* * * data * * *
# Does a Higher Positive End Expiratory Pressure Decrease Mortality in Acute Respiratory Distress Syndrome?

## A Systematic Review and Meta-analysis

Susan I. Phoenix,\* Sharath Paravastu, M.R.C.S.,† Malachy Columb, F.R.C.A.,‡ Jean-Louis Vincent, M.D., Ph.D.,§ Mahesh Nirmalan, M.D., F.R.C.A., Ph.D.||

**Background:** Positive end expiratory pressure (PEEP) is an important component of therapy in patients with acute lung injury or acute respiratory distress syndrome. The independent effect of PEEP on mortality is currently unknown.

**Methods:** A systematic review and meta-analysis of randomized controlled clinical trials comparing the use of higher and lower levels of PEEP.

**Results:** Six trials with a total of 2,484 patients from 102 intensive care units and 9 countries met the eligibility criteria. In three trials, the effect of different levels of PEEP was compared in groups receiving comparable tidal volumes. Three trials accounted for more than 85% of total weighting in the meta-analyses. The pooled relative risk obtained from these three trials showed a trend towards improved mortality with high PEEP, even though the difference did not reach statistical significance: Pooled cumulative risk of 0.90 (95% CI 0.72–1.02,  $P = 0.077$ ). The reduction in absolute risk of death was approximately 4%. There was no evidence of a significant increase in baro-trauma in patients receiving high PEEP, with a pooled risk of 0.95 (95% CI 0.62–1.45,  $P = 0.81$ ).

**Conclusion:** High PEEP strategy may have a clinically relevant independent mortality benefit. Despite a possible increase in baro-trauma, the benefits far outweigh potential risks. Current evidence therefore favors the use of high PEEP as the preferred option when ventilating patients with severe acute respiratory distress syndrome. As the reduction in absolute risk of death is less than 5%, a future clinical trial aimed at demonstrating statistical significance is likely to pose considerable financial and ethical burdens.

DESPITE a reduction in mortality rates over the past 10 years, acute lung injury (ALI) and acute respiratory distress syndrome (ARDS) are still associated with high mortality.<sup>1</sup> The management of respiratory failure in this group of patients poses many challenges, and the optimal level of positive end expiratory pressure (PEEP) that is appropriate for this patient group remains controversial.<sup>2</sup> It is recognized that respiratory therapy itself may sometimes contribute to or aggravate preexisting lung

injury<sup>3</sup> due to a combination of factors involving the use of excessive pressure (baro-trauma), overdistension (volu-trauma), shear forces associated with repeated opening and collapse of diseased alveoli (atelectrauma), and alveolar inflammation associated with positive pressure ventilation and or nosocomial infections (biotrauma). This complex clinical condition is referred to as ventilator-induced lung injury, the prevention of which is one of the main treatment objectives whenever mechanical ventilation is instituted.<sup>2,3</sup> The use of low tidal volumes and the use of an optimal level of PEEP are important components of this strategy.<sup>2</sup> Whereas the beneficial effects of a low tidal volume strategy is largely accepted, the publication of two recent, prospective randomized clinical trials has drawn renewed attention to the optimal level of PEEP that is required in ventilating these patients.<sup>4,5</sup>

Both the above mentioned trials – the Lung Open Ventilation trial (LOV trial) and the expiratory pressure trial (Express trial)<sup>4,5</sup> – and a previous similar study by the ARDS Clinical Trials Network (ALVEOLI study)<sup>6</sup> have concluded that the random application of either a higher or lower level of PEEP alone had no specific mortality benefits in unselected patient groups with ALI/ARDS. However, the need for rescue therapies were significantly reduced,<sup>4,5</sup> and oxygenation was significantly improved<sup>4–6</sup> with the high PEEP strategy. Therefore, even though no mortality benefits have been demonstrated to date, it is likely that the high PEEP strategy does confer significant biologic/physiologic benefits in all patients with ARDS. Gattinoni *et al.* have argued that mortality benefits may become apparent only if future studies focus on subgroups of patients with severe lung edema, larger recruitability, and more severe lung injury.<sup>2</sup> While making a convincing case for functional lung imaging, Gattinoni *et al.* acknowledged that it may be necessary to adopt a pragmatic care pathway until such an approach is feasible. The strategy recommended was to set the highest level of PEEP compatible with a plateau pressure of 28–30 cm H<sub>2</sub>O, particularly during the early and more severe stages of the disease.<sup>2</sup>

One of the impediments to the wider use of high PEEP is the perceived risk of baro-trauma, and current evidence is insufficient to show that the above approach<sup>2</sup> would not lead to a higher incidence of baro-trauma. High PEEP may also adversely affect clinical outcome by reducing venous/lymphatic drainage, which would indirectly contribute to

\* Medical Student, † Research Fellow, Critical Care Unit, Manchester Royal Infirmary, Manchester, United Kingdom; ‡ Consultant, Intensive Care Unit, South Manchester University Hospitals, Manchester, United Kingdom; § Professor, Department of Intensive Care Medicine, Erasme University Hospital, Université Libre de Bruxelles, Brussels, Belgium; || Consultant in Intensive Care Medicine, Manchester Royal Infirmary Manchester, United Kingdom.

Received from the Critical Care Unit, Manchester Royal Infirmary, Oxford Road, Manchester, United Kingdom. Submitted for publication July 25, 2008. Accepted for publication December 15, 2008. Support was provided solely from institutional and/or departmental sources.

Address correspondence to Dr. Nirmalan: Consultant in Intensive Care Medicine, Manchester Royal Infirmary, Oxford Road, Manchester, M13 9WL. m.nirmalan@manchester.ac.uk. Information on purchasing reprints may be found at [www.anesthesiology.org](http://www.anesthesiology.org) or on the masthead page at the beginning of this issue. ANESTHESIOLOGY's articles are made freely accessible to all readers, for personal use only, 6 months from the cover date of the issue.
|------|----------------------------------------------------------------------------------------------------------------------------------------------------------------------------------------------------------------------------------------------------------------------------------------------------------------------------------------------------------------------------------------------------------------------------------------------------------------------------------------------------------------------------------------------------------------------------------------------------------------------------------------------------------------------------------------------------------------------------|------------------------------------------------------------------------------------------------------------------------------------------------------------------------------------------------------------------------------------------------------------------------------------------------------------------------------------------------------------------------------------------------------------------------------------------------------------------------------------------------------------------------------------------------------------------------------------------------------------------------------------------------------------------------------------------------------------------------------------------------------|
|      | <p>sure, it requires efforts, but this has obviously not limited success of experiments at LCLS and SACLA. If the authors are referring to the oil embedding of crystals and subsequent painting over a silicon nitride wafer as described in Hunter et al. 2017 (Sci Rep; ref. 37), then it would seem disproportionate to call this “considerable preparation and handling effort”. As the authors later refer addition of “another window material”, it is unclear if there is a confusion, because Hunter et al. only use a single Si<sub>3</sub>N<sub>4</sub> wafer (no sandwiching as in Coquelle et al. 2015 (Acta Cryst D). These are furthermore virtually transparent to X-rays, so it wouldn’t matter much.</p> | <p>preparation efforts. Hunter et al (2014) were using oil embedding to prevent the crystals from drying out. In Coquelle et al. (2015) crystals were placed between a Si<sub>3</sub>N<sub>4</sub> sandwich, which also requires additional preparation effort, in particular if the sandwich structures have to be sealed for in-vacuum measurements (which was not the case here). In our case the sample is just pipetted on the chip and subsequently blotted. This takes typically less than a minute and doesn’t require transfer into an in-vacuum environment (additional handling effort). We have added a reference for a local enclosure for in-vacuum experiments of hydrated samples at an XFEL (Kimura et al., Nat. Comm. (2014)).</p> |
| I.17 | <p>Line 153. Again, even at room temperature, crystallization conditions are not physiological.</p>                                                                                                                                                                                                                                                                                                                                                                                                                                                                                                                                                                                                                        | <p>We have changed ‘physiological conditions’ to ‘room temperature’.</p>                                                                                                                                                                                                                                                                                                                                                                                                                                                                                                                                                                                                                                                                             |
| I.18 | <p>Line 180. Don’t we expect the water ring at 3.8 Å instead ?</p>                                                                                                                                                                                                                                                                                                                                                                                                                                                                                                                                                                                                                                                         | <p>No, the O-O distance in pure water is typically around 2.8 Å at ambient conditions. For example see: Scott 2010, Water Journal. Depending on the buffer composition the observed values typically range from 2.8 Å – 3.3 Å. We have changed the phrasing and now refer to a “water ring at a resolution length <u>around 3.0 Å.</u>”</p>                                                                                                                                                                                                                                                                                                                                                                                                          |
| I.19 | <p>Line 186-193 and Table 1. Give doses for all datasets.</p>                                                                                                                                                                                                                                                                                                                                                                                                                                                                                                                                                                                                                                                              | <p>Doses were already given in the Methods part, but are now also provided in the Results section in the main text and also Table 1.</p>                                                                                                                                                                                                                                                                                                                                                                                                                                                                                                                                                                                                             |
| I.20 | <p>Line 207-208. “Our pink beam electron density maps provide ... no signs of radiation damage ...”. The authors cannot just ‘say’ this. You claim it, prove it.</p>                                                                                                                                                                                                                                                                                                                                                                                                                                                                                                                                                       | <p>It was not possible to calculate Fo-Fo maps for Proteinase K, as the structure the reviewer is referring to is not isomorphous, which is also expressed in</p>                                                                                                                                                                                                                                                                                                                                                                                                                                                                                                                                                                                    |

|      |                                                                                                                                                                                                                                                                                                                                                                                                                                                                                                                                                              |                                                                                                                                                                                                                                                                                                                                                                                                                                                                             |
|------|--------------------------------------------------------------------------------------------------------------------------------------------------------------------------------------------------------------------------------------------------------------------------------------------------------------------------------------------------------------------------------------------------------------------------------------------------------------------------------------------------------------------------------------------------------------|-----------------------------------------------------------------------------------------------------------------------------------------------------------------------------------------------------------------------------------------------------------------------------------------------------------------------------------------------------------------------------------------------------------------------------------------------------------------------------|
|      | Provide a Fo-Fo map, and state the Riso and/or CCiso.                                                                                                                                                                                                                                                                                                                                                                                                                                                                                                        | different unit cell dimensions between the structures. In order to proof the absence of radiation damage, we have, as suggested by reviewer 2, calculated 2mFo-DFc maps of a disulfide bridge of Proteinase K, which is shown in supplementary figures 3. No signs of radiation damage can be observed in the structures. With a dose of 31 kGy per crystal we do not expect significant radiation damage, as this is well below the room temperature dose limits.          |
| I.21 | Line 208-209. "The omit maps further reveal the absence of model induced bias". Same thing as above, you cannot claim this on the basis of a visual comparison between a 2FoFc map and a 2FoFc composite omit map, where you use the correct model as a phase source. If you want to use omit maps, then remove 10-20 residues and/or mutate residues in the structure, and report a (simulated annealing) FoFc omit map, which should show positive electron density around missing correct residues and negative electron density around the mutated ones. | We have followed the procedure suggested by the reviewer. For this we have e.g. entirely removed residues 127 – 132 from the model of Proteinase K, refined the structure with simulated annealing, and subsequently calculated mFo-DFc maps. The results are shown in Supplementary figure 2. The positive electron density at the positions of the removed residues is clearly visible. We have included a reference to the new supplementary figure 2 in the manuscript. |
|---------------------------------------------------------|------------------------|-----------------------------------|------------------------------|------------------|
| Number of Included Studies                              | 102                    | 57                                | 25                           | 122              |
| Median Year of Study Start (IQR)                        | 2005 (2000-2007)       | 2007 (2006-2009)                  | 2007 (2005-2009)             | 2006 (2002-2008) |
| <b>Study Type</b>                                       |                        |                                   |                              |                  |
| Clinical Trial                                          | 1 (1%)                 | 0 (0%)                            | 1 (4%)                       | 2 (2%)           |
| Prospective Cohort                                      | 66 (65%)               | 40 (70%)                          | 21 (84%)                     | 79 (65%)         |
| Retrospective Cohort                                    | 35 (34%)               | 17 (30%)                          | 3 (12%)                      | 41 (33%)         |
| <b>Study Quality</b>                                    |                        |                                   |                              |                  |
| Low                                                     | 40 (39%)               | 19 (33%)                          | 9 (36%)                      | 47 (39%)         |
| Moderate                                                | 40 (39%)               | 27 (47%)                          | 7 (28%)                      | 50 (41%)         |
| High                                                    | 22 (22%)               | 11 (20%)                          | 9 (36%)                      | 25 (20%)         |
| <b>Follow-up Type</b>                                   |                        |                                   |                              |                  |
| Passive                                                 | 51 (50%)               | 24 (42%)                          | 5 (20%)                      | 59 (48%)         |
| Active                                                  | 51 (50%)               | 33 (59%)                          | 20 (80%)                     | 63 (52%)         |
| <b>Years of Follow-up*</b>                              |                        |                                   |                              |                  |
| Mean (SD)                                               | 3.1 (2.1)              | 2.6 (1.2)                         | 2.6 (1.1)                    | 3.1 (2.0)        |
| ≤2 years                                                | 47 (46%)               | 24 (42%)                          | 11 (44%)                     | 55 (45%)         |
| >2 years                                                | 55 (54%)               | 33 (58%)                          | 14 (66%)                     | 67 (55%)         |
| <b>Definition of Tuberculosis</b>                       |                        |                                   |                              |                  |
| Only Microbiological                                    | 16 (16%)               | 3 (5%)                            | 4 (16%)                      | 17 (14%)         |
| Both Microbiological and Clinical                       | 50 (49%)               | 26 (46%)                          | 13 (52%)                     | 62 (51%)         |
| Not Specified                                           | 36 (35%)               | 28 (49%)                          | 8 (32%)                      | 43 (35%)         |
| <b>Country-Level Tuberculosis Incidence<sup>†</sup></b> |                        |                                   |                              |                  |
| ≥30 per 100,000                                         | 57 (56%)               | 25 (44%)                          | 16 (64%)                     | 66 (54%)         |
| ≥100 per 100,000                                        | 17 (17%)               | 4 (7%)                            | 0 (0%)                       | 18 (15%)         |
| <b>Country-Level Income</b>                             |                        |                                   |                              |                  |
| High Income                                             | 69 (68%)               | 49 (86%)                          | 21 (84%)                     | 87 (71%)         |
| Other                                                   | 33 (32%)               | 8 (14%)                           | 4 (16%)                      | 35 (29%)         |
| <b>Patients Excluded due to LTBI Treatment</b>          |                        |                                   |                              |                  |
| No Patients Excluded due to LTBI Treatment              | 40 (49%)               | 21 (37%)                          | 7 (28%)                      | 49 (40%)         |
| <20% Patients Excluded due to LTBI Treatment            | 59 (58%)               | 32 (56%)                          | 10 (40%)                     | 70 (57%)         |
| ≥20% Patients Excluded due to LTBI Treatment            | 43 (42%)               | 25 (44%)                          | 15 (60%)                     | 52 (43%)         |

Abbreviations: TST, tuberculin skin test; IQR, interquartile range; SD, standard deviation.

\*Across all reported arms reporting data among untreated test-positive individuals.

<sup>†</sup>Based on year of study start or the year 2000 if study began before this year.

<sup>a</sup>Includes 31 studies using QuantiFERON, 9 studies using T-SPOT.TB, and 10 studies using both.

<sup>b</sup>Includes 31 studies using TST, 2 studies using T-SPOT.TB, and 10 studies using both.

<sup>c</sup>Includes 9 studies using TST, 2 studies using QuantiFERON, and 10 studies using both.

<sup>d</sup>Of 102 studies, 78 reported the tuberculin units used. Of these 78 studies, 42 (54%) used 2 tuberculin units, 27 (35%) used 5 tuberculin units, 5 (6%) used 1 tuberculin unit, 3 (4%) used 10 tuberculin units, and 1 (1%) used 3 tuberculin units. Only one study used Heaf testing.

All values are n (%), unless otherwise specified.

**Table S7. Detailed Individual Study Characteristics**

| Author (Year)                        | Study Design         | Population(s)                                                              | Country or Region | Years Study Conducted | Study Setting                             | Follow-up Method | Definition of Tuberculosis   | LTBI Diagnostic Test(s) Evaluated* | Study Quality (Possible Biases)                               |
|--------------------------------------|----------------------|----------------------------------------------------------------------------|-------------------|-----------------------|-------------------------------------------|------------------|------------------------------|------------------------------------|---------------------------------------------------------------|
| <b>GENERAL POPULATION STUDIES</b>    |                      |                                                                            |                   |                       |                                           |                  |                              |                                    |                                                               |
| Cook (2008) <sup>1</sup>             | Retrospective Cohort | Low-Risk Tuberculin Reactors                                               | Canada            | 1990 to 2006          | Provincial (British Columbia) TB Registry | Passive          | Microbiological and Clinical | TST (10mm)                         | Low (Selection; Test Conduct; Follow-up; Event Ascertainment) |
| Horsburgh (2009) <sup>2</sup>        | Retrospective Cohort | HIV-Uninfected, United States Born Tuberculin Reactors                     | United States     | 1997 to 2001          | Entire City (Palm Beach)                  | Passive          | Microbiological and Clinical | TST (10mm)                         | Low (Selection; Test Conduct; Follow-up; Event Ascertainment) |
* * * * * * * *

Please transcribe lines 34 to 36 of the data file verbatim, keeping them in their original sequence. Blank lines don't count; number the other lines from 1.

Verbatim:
| Moderate                                                | 40 (39%)               | 27 (47%)                          | 7 (28%)                      | 50 (41%)         |
| High                                                    | 22 (22%)               | 11 (20%)                          | 9 (36%)                      | 25 (20%)         |
| <b>Follow-up Type</b>                                   |                        |                                   |                              |                  |